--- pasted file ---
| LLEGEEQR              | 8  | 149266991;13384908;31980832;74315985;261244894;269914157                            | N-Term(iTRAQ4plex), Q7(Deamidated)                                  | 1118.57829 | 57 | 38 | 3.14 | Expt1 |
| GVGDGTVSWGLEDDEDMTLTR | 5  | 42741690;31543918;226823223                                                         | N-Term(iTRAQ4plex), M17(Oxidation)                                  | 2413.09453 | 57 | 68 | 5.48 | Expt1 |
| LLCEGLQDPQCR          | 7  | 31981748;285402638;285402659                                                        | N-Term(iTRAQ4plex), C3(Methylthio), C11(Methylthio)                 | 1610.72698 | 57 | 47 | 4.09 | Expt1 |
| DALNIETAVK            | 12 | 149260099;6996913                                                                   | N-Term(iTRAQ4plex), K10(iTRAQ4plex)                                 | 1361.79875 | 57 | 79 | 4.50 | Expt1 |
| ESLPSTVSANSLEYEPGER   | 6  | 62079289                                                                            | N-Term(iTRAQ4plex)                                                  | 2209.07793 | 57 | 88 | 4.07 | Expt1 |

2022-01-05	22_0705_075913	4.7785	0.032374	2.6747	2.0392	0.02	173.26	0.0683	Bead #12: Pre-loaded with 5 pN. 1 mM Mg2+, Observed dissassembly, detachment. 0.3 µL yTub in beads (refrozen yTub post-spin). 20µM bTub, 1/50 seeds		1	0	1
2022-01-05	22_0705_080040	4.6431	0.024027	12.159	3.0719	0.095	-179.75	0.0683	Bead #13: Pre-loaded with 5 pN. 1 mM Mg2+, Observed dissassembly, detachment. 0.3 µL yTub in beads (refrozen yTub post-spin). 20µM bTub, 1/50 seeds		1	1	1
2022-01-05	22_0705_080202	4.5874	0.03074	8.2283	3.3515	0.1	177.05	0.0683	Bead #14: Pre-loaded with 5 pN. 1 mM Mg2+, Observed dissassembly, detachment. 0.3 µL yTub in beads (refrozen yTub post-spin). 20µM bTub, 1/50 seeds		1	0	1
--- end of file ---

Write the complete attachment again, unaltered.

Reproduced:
| LLEGEEQR              | 8  | 149266991;13384908;31980832;74315985;261244894;269914157                            | N-Term(iTRAQ4plex), Q7(Deamidated)                                  | 1118.57829 | 57 | 38 | 3.14 | Expt1 |
| GVGDGTVSWGLEDDEDMTLTR | 5  | 42741690;31543918;226823223                                                         | N-Term(iTRAQ4plex), M17(Oxidation)                                  | 2413.09453 | 57 | 68 | 5.48 | Expt1 |
| LLCEGLQDPQCR          | 7  | 31981748;285402638;285402659                                                        | N-Term(iTRAQ4plex), C3(Methylthio), C11(Methylthio)                 | 1610.72698 | 57 | 47 | 4.09 | Expt1 |
| DALNIETAVK            | 12 | 149260099;6996913                                                                   | N-Term(iTRAQ4plex), K10(iTRAQ4plex)                                 | 1361.79875 | 57 | 79 | 4.50 | Expt1 |
| ESLPSTVSANSLEYEPGER   | 6  | 62079289                                                                            | N-Term(iTRAQ4plex)                                                  | 2209.07793 | 57 | 88 | 4.07 | Expt1 |

2022-01-05	22_0705_075913	4.7785	0.032374	2.6747	2.0392	0.02	173.26	0.0683	Bead #12: Pre-loaded with 5 pN. 1 mM Mg2+, Observed dissassembly, detachment. 0.3 µL yTub in beads (refrozen yTub post-spin). 20µM bTub, 1/50 seeds		1	0	1
2022-01-05	22_0705_080040	4.6431	0.024027	12.159	3.0719	0.095	-179.75	0.0683	Bead #13: Pre-loaded with 5 pN. 1 mM Mg2+, Observed dissassembly, detachment. 0.3 µL yTub in beads (refrozen yTub post-spin). 20µM bTub, 1/50 seeds		1	1	1
2022-01-05	22_0705_080202	4.5874	0.03074	8.2283	3.3515	0.1	177.05	0.0683	Bead #14: Pre-loaded with 5 pN. 1 mM Mg2+, Observed dissassembly, detachment. 0.3 µL yTub in beads (refrozen yTub post-spin). 20µM bTub, 1/50 seeds		1	0	1